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ATN-999 Black Mobile Rack Review



Installation of this unit is very simple. A a gentle lifting of the handle will "disengage" the housing unit from the connector, and allows you to slide it out of the rack.

Raising the handle

The connectors on the two pieces

The housing unit

The top cover of the housing unit can be easily opened by pressing down on the clip that keeps it in place. Inside, we find the rest of the product's items, mainly the keys, a small instructions leaflet, and enough screws to mount the hard drive to the housing unit, and the rack to the drive bay, as well as some moisture-absorbing desiccant (no, it's not edible).

Sliding cover

Everything's here

Inside the housing unit, we see the IDE and power connectors, the "topside" of the exhaust fan, as well as a small thermocouple that's fixed to the circuit board behind it. The fan itself is connected by a 3-pin motherboard connector, and allows for RPM monitoring via the blue-backlit LCD screen.

NOTE: The thermocouple (at best) will only touch the shell of the hard drive unit - by no means is that adequate enough to determine the temperature of the unit, and is better suited for reading the ambient temperature of the housing instead. Although the housing unit is also equipped with an psuedo buzzer alarm, it is set to go off only in relation to the ambient temperature of the housing, *not* to the actual temperature of the hard drive. This causes the overheating alarm to be very inaccurate and very delayed, as ambient temperature does not rise as quickly as an overheating hard drive does, and by the time the alarm sounds, the hard drive itself may have already overheated to damaging temperatures. However, the alarm also goes off in the event that the fan spins slowly or not at all.

The fan and the connectors

The thermocouple

Getting the housing ready with a hard drive is as simple as connecting an HD to the connectors and securing them with screws.

NOTE: You must make sure that the hard drive is secured by the screws before attempting to close the cover. With my Maxtor hard drive, I noticed that the hard drive can still slide back a little ways if it is not secured, enough for the drive's edge to sit right underneath the locking clip. If you allow the hard drive to slide back into this position with the lid closed, then the drive will obstruct the clip when you try to push down on it, effectively preventing you from opening the housing cover, unless you manage to get the hard drive back down to its normal position, which is *very* difficult to do, since the IDE and power cables have a tendency to push the hard drive towards the circuit board. A very poor design flaw here.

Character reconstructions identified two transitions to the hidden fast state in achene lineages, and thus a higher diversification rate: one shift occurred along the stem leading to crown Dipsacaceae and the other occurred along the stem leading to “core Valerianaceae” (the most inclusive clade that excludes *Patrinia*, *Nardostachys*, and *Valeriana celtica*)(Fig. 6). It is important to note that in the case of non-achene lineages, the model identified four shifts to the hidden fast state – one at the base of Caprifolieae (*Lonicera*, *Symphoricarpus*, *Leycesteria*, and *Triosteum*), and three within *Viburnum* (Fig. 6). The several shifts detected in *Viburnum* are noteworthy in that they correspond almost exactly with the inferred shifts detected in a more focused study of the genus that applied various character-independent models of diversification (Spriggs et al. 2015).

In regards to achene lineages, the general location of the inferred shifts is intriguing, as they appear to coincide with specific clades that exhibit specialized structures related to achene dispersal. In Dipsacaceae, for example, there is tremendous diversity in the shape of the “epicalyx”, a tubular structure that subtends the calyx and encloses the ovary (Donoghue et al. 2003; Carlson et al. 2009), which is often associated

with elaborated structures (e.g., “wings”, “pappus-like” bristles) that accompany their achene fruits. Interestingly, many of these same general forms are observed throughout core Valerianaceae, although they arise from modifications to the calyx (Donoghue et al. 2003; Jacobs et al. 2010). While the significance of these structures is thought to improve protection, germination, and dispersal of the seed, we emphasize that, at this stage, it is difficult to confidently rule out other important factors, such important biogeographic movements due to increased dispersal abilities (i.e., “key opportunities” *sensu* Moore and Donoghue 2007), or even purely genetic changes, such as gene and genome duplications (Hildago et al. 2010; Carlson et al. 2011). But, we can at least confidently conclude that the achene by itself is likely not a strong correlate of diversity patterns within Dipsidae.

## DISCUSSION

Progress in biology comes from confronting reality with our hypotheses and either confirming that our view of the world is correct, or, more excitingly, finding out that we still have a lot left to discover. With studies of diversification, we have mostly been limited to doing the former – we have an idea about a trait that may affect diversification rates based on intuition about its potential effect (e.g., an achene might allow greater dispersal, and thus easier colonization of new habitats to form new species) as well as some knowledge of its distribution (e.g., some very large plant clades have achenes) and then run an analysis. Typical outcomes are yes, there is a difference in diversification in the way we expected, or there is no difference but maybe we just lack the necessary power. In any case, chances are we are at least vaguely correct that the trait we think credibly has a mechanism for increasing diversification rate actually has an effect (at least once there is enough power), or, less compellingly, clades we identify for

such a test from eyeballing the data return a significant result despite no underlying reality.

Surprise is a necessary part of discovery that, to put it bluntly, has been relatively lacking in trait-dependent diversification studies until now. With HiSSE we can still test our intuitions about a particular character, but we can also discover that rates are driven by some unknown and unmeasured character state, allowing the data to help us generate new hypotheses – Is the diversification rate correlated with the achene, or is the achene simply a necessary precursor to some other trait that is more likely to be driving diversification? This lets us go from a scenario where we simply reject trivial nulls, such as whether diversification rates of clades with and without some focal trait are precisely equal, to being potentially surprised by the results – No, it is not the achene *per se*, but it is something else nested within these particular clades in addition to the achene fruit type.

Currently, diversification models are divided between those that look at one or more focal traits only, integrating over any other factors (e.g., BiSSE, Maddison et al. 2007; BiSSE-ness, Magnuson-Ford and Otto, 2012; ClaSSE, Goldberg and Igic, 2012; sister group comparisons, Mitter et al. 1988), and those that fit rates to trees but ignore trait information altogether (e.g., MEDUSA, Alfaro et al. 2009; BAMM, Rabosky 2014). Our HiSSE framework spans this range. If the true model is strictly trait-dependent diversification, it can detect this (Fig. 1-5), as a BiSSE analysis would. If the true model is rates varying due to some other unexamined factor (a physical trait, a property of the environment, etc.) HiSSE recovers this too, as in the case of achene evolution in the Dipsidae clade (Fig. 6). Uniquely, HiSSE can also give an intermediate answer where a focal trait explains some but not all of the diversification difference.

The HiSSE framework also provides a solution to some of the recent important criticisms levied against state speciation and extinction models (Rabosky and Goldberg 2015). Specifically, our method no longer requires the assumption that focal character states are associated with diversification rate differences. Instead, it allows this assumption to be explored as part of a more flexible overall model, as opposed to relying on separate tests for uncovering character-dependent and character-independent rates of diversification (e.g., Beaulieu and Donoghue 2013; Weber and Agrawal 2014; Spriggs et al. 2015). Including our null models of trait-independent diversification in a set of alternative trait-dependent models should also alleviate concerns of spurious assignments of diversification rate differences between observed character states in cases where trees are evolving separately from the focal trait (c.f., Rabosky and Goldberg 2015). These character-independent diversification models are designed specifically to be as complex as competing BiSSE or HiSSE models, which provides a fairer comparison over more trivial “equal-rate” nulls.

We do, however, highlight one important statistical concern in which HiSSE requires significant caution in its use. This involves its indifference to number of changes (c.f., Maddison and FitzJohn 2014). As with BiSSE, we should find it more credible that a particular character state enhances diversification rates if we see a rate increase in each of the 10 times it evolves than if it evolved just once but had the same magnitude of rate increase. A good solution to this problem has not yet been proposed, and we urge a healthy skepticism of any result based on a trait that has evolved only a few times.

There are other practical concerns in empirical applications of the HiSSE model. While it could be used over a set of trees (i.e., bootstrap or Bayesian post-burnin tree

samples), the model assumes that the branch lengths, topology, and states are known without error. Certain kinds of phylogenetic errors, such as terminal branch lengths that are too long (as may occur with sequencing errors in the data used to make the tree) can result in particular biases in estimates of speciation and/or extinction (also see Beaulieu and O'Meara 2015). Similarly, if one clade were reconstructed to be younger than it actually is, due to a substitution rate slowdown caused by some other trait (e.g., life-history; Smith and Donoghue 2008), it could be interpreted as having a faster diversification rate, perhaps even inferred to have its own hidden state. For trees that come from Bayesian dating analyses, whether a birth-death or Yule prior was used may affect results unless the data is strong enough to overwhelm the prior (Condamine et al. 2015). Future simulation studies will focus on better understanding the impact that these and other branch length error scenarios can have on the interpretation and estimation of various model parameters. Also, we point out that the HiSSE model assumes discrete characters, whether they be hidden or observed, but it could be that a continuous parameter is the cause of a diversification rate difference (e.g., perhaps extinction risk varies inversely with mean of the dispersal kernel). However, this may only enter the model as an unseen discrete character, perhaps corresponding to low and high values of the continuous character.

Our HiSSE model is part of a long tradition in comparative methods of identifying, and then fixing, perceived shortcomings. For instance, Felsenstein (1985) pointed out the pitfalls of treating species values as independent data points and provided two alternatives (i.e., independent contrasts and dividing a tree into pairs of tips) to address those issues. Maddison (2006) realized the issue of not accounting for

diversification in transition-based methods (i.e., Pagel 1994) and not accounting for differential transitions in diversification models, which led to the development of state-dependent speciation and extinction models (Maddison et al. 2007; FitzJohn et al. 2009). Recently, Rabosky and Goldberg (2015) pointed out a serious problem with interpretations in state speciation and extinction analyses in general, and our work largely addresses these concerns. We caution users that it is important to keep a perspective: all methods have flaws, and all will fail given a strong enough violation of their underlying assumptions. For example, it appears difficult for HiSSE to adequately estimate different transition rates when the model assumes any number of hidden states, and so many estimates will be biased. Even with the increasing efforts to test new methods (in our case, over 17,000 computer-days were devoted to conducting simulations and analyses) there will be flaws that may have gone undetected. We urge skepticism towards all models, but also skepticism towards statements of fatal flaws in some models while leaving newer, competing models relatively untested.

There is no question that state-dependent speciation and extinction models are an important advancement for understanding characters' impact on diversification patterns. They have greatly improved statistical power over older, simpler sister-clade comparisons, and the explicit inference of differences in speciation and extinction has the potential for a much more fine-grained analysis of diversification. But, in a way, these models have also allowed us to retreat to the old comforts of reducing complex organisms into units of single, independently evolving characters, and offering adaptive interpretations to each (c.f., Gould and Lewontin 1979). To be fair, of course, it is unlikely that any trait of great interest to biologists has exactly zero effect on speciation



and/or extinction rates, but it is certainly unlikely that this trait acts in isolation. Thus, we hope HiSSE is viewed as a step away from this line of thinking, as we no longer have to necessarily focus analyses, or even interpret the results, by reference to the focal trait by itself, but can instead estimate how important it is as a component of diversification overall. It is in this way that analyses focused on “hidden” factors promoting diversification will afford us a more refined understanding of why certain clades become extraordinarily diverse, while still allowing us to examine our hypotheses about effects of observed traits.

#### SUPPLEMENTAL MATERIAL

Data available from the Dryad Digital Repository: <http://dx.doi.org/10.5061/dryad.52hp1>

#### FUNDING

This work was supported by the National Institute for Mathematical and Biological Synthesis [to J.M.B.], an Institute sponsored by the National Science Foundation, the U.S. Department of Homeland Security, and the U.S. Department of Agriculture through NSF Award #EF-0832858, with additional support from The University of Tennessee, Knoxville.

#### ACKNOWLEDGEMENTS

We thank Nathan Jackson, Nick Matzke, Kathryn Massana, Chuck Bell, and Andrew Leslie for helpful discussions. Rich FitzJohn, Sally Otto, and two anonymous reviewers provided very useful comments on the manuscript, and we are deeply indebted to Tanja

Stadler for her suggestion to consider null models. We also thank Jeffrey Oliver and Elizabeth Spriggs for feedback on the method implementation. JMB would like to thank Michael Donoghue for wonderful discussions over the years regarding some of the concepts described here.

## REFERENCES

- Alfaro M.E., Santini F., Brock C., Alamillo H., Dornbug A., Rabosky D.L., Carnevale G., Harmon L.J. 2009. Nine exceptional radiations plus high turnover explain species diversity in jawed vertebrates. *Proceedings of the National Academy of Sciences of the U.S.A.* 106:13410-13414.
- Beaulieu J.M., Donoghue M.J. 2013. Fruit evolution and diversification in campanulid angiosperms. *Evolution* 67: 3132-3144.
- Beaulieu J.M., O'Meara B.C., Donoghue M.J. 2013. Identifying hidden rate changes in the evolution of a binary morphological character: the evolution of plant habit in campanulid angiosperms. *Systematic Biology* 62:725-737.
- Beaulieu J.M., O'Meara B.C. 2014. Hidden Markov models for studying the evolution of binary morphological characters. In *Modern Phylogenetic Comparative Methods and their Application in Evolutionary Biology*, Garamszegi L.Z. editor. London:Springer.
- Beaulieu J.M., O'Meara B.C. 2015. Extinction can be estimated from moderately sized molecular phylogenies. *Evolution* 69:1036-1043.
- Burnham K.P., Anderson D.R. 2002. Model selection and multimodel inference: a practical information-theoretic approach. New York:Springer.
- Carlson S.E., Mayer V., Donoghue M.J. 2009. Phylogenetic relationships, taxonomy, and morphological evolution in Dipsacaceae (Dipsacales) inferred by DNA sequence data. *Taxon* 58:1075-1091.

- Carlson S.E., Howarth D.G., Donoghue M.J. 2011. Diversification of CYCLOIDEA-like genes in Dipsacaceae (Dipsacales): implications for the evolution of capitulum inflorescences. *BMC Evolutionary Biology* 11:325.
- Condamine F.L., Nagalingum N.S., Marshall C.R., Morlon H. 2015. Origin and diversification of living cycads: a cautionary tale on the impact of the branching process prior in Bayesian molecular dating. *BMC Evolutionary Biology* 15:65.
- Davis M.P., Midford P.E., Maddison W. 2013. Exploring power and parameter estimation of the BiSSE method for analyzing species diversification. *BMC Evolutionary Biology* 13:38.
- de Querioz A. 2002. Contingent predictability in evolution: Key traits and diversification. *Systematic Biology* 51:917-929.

Nice and snug

This is asking for trouble - the thermocouple barely touches the hard drive as well

Heading back to the rack, install this part of the unit into a free 5.25" bay as you would with any other drive of that size. After that part is complete, simply insert the housing unit back into the rack. Once it feels like it cannot go in further, push down on the handles back into the closed position, and the hard drive will lock into the connectors. Finally, using the included keys (or your own creative lockpicking methods), turn the lock into the closed position. Part of the circuitry is fixed to the lock, and unless you lock the housing unit to the rack, the entire unit and hard drive will not power up. This is to prevent accidental removal of the housing unit while the system is still turned on, causing a power cut to the hard drive, and possibly damaging it in the process. However, when I tried to raise the handle with the lock engaged (with my system turned off, of course!) it still appears that the drive has come out far enough for the connectors to lose contact, but I have not verified this.

All connected

Installed into the bay

Turned on

Notice the slight protrusion of the unit. If you install this unit at the top drive bay of a Chenming (Antec, Enermax, Aspire, etc.) case, the protrusion will prevent you from closing the door completely. If you use any other bay, you can avoid that problem. There's a possibility that this problem will occur on any other similar case with a front door.

The backlight on the LCD appears to be from two LEDs, and together make the display readable even with the lights out, although a fullscreen backlight such as IndiGLO would probably be nicer.

  1. Introduction & Specifications
  2. Installation
  3. Testing & Conclusion
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